Ten years ago, conventional wisdom told us that we were living in an age of increasing scarcity that demanded public policies to conserve natural resources and seek alternative energy and fuel sources. But thanks to the entrepreneurialism and ingenuity of American companies, this narrative has been completely flipped. Pennsylvania is at the forefront of this energy revolution.
Before producers in the Keystone State began using hydraulic fracturing and directional drilling to tap into the Marcellus Shale, the state was producing less than 200 billion cubic feet of natural gas annually. Within a mere decade, that number has skyrocketed to over 5 trillion cubic feet. That’s enough natural gas to provide for U.S. residential gas consumption for an entire year with room to spare.
Further, Pennsylvania has become the second-largest natural gas producing state in the U.S. with more than 8,200 producing wells. The economic benefits have spread across the state, with 33 of 67 counties having at least one producing well.
Not only is gas from the Marcellus Shale powering the state and our entire region, it’s also being used to power cities halfway around the world. Pennsylvania’s natural gas is being shipped in the form of liquified natural gas (LNG) from the Cove Point Terminal in Maryland to Japan, India and beyond.
Total U.S. LNG exports quadrupled in 2017 as we exported to more destinations than ever before. Countries like South Korea, China, and Mexico are coming to rely on American energy.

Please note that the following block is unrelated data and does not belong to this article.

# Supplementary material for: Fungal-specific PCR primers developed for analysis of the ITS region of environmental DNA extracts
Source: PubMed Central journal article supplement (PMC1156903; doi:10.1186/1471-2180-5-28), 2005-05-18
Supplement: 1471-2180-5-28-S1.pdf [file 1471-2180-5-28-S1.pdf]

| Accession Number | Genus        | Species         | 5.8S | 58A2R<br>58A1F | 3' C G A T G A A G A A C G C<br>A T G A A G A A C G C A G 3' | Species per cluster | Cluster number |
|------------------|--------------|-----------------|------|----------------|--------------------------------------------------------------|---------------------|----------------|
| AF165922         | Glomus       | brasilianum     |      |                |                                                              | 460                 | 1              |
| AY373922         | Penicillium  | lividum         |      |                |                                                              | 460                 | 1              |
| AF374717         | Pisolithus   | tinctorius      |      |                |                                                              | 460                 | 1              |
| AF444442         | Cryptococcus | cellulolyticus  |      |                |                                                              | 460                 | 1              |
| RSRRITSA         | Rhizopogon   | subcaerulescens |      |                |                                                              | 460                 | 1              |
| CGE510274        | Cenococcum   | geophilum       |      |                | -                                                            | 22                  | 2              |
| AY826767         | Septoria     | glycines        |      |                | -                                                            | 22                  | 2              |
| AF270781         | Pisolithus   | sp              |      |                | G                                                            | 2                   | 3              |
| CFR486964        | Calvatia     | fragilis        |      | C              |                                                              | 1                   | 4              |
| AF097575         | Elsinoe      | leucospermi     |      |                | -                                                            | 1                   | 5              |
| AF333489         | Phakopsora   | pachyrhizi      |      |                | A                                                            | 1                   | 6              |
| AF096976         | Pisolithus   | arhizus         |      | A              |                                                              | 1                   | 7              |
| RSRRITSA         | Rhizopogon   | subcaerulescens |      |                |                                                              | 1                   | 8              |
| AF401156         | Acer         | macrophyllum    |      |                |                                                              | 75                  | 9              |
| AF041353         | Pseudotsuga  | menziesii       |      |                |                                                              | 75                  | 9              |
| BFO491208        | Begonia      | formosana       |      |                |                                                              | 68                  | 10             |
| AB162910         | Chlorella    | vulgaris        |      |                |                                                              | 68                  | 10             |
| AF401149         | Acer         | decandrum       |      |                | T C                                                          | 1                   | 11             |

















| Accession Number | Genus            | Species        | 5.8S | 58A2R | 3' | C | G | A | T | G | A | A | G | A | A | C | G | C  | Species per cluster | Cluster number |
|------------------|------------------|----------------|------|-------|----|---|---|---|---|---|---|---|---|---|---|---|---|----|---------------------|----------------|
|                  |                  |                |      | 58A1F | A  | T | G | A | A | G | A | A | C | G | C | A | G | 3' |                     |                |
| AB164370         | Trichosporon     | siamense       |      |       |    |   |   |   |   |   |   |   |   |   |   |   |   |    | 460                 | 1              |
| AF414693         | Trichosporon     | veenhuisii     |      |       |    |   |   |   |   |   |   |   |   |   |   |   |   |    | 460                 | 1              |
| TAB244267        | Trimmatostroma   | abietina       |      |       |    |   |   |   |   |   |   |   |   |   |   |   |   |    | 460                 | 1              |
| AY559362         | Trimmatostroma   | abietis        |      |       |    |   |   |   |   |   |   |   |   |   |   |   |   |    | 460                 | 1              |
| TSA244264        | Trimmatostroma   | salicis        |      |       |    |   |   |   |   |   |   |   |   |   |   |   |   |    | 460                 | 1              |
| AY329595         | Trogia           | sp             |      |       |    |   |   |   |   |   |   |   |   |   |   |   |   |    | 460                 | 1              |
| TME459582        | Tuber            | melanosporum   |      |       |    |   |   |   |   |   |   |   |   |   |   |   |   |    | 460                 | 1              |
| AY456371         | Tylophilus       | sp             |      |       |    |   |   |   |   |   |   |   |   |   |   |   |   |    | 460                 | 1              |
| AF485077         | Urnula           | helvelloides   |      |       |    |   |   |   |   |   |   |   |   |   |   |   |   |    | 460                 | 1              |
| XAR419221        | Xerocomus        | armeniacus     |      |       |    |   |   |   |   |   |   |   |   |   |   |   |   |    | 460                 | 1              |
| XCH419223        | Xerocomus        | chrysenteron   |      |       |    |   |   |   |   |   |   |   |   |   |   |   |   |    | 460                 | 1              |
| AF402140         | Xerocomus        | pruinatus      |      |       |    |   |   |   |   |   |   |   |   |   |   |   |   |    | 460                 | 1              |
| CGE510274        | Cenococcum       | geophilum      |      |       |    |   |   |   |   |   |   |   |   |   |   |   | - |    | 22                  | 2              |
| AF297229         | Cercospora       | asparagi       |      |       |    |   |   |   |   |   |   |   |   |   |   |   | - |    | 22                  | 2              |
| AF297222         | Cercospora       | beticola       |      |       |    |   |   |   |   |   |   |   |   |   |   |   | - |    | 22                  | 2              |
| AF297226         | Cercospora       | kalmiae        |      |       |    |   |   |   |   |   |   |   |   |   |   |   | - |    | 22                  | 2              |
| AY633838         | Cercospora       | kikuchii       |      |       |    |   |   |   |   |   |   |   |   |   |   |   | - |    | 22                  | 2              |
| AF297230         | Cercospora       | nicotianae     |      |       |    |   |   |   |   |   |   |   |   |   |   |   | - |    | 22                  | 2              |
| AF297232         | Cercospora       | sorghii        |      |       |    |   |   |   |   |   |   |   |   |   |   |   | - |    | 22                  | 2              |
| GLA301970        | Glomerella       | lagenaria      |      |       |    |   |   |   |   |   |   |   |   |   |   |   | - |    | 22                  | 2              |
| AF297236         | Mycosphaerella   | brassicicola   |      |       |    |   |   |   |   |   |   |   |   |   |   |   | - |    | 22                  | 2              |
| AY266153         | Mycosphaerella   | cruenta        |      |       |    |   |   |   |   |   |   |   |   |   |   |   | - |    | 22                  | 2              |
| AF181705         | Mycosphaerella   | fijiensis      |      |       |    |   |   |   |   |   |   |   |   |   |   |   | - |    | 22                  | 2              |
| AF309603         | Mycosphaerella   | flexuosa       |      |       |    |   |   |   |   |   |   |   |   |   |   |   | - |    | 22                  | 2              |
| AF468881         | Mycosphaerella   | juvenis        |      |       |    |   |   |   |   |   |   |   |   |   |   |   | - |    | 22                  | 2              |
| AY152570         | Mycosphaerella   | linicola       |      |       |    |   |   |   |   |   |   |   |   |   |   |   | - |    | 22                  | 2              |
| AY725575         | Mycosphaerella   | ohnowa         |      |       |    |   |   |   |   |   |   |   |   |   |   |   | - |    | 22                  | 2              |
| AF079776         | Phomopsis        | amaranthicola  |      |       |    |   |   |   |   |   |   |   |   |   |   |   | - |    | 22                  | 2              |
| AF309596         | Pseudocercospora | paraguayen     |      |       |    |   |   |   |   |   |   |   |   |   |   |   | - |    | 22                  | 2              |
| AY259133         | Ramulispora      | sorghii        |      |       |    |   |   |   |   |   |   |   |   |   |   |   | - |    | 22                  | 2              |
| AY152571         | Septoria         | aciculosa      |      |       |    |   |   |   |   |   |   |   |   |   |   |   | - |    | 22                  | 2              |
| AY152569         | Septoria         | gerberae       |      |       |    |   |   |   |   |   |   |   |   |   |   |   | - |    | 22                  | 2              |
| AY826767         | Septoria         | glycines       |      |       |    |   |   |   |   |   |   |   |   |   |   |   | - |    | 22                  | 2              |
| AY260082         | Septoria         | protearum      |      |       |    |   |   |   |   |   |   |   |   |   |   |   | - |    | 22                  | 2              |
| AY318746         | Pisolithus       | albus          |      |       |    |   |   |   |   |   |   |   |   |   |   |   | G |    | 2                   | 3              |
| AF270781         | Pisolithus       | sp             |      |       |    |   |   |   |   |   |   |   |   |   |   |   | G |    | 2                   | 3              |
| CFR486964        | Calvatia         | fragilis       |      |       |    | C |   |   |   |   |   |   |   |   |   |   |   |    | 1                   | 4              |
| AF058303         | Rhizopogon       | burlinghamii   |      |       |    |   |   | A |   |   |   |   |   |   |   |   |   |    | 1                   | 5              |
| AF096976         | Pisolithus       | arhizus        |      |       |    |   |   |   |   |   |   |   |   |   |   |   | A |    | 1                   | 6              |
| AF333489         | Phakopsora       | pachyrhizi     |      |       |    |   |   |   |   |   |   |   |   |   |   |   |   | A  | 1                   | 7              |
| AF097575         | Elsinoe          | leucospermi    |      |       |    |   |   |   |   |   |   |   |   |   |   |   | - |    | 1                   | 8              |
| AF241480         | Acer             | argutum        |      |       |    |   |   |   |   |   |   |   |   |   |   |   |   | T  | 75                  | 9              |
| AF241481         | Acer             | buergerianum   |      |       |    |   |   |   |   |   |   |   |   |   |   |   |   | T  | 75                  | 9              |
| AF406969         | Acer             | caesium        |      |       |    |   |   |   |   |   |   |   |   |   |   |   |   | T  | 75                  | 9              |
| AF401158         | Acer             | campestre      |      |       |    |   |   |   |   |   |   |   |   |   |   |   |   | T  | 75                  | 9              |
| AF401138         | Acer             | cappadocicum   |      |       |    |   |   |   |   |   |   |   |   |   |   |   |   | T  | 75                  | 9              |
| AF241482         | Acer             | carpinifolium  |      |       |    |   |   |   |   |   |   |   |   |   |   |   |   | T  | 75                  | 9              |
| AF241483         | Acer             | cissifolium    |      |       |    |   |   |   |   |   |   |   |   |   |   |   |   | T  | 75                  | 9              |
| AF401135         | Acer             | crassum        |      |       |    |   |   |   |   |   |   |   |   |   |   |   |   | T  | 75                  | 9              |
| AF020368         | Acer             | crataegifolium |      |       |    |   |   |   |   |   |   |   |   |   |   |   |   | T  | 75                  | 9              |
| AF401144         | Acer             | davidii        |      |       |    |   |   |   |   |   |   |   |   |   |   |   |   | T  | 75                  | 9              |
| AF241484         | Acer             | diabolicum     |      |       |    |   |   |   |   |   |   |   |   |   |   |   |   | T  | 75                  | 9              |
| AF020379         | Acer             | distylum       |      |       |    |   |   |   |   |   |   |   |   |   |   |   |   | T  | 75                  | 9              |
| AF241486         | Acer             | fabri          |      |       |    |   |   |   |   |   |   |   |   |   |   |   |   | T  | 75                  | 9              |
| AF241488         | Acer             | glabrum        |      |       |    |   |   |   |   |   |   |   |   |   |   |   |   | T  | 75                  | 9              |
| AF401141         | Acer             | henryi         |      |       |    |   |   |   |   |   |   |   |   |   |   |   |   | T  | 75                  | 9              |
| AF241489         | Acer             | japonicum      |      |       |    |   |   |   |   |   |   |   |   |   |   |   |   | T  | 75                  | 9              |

Pennsylvania gas makes up a large portion of these exports, already accounting for 20 percent of U.S. natural gas production. And that number is on the rise due to new regional pipelines and pipeline projects including the Rockies Express Pipeline, the Rover Pipeline, and the Algonquin Project, which will allow for increased output to surrounding areas.
All of this activity leads to projections by the Energy Information Administration that America will be a net total energy exporter by 2020. The U.S. is already a net exporter of natural gas.
America’s newfound energy prowess has cushioned us from geopolitical price shocks and is rapidly changing the global energy picture.
This, in turn, is changing and strengthening our hand in international relations and national security. The U.S. shale revolution clearly illustrates that we no longer have a supply problem when it comes to energy development, we have a demand opportunity.
Our next great challenge is ensuring that we continue to pursue the right state and federal policies that encourage production in a safe, environmentally sound manner while building out the infrastructure necessary to transport natural gas to city centers in the U.S. and abroad.